At Hargreaves Lansdown, only 1 in 20 enquiries results in a recommendation to transfer. “We are very clear in our position that transfers from final salary pension schemes are only viable in niche circumstances,” says Nathan Long, senior analyst. “For most people, sticking with a final salary pension will be their best bet, not necessarily because they’ll be giving up a guaranteed income, but because the transfer value offered will be less than the cost of buying a similar income in retirement. To even consider a transfer, the member’s circumstances need to make their final salary pension unsuitable.”
The table below should give you an idea whether a transfer might be in your best interests.
Many people find it useful to compare their individual life expectancy with the scheme average, by completing a personalised predictor such as insurance company Aviva’s.
One issue in the news is the viability of some occupational pension schemes in the light of massive deficits and high-profile collapses such as that of British Home Stores. If your employer’s scheme goes bust, then the Pension Protection Scheme will cover up to 100% if you are already drawing benefits, capped at £39,006 a year, or up to 90% of your pension if you were below your scheme’s normal pension age when the employer became insolvent.
Should I seek advice on transferring?
These questions may help you decide whether you wish to seek advice on transferring from a final salary scheme. If your answers include a number of greens it may be worth exploring further. If you have one or more red answers, then it is probably less worth exploring.
The compensation has recently been improved for long-serving pension scheme members, who were previously capped, but will now receive an additional 3% for each year above 20 years of scheme membership. Payments relating to service from 6 April 1997 rise in line with inflation, subject to a maximum of 2.5% a year, but pensions relating to service before that date don’t increase.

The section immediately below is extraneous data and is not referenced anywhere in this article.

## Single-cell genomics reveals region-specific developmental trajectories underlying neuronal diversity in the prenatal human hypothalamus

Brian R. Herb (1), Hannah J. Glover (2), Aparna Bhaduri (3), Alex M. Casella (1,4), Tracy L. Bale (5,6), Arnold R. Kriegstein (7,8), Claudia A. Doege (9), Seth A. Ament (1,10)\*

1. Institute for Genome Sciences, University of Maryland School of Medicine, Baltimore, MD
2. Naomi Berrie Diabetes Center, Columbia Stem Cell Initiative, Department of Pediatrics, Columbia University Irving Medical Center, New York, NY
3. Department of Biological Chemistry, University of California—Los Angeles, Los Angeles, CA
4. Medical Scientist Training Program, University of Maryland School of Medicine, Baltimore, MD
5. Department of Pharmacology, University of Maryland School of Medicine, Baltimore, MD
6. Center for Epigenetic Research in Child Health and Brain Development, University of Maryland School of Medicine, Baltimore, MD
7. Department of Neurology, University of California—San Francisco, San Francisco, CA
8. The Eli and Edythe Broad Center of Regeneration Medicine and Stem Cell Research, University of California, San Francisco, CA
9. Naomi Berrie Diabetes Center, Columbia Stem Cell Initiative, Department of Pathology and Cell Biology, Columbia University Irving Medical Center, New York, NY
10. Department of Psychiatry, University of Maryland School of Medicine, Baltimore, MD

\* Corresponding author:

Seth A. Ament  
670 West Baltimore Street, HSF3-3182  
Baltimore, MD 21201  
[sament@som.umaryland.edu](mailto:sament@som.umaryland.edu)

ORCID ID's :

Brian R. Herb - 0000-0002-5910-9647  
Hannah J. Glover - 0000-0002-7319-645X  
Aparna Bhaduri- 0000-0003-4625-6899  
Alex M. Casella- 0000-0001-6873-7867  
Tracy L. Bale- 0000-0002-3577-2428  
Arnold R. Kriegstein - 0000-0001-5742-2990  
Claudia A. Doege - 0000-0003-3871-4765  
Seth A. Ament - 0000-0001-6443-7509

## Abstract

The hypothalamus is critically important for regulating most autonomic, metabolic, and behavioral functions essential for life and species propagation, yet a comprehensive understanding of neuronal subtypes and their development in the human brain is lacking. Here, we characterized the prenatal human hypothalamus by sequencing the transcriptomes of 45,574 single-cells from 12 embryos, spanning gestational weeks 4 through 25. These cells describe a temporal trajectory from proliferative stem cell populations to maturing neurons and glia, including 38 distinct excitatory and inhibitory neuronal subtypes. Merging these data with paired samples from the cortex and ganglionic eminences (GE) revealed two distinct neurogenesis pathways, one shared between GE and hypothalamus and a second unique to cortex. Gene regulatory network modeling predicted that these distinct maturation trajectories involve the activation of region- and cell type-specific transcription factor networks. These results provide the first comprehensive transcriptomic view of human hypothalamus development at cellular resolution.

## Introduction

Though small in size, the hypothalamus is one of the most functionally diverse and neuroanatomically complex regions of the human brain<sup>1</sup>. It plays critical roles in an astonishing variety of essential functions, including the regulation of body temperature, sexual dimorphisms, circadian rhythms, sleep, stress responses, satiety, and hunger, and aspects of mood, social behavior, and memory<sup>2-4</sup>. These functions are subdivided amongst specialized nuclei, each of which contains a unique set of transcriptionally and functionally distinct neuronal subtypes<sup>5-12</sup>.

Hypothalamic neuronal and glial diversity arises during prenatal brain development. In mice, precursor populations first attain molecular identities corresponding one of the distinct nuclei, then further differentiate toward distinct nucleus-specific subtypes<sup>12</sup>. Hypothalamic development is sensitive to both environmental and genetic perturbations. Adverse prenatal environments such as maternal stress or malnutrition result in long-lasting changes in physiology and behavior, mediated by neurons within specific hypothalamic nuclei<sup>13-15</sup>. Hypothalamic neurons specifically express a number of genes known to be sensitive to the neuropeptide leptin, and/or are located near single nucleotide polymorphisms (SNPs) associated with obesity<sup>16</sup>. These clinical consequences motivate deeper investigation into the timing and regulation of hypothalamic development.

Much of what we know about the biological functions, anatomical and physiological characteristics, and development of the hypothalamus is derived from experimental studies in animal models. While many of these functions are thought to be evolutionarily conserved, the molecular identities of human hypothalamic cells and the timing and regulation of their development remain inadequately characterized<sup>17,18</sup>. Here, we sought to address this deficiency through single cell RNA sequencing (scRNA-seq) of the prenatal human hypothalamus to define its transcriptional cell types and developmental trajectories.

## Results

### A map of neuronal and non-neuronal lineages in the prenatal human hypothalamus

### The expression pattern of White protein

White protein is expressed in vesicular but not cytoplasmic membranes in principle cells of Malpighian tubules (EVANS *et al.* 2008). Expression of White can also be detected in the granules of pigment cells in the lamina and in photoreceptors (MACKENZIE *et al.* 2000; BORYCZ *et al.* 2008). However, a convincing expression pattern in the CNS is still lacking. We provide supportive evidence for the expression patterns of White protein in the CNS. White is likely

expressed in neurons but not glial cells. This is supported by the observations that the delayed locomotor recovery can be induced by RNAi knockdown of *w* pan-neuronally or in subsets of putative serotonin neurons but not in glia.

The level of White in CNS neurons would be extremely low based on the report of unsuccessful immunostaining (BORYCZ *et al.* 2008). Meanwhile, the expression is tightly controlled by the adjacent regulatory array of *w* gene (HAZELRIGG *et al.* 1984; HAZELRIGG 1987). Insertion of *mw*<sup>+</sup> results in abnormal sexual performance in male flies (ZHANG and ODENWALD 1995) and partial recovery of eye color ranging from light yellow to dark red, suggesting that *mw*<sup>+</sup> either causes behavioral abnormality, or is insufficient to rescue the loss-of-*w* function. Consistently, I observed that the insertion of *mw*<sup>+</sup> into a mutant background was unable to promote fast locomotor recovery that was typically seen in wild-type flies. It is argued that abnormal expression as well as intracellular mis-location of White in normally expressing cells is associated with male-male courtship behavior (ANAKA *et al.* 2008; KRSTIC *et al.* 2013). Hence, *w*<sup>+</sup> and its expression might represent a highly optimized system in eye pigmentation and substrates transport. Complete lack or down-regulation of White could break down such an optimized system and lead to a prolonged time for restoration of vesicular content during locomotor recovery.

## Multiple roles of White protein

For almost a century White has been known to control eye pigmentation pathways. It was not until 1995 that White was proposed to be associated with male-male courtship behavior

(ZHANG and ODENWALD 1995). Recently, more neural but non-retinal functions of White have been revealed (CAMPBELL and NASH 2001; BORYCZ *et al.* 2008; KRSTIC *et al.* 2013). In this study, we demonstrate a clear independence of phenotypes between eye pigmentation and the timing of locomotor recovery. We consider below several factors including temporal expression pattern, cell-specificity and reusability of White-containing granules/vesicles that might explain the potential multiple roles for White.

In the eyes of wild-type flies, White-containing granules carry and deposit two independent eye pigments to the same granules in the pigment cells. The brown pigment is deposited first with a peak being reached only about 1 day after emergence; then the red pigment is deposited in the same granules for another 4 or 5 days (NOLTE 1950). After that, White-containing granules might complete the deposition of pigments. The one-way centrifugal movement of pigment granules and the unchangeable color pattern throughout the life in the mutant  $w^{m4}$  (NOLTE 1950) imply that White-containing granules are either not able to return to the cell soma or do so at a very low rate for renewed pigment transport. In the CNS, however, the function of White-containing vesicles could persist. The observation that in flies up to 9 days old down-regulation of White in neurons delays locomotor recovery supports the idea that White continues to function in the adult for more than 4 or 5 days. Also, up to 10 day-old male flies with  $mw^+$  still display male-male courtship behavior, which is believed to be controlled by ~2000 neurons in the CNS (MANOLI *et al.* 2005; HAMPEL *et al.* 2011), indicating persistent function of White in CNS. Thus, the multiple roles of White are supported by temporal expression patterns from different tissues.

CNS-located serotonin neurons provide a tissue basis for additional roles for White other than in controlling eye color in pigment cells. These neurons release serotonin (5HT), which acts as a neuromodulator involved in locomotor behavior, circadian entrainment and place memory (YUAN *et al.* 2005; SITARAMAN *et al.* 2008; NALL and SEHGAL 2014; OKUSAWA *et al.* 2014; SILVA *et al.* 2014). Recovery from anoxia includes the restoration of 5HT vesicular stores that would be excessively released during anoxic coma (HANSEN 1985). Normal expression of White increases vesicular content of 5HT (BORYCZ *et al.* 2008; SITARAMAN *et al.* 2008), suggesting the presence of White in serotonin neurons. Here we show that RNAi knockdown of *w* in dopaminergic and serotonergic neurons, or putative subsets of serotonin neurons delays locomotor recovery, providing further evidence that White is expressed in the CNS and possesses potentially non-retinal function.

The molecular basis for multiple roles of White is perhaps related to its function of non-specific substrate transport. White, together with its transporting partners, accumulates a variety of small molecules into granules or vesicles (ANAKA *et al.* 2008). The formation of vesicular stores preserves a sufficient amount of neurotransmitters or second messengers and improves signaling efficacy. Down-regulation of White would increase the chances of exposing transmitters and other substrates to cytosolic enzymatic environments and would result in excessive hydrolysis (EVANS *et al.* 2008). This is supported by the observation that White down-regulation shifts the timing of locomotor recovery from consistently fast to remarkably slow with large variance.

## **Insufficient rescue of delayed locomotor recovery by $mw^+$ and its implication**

While the employer’s strength, or covenant, is not generally considered a sufficient reason to transfer, it may be a consideration for members of very weak schemes who have built up very generous benefits and would therefore suffer if they fell back on the lifeboat fund.
The next, and perhaps most significant, challenge of the piece is that the cash sum transferred must be invested in a registered pension scheme to produce income, but investment returns going forward are unlikely to be as good as they have been in recent years. Average US investment returns over the next 10 years are likely to be in the region of 3-5%, according to Vanguard. Factor in inflation – fortunately less than 2% – and the real rate of return could be under 3%.
This falls far short of what investors have become accustomed to in the bull market following the 2008 rout, with the world-dominating S&P 500 returning 22% last year. (Rattled by Brexit, the FTSE 100 unfortunately plummeted by 12.5% during 2018, wiping out more than £240 billion and demonstrating just how easy it is to lose money if you pick the wrong markets or investments.)
Many believe that the gargantuan transfer values on offer provide some leeway for error. A typical transfer is around 22-24 times the projected annual pension given up under the final salary scheme, but several other factors are involved and schemes’ generosity varies wildly. Some offer 30 or 40 times the projected pension, while others give appreciably less.
This means someone giving up a guaranteed pension of £25,000 per year could potentially have a transfer value of £1 million. Even a relatively modest pension of £10,000 a year may prove more than a person’s house, explains Alex Bates, a consultant at XPS Pensions Group, so it is little wonder that so many are looking to cash in their pension.
Transfer values also fluctuate in line with gilt yields, the measure used by the scheme’s actuary to produce a figure that reflects the returns expected from the market in future. Gilt yields have an inverse relationship with transfer values and have been at rock-bottom levels for a few years, making transfer values unlikely to rise much in future and much more likely to drop – worth bearing in mind, given that the transfer process can take a few months.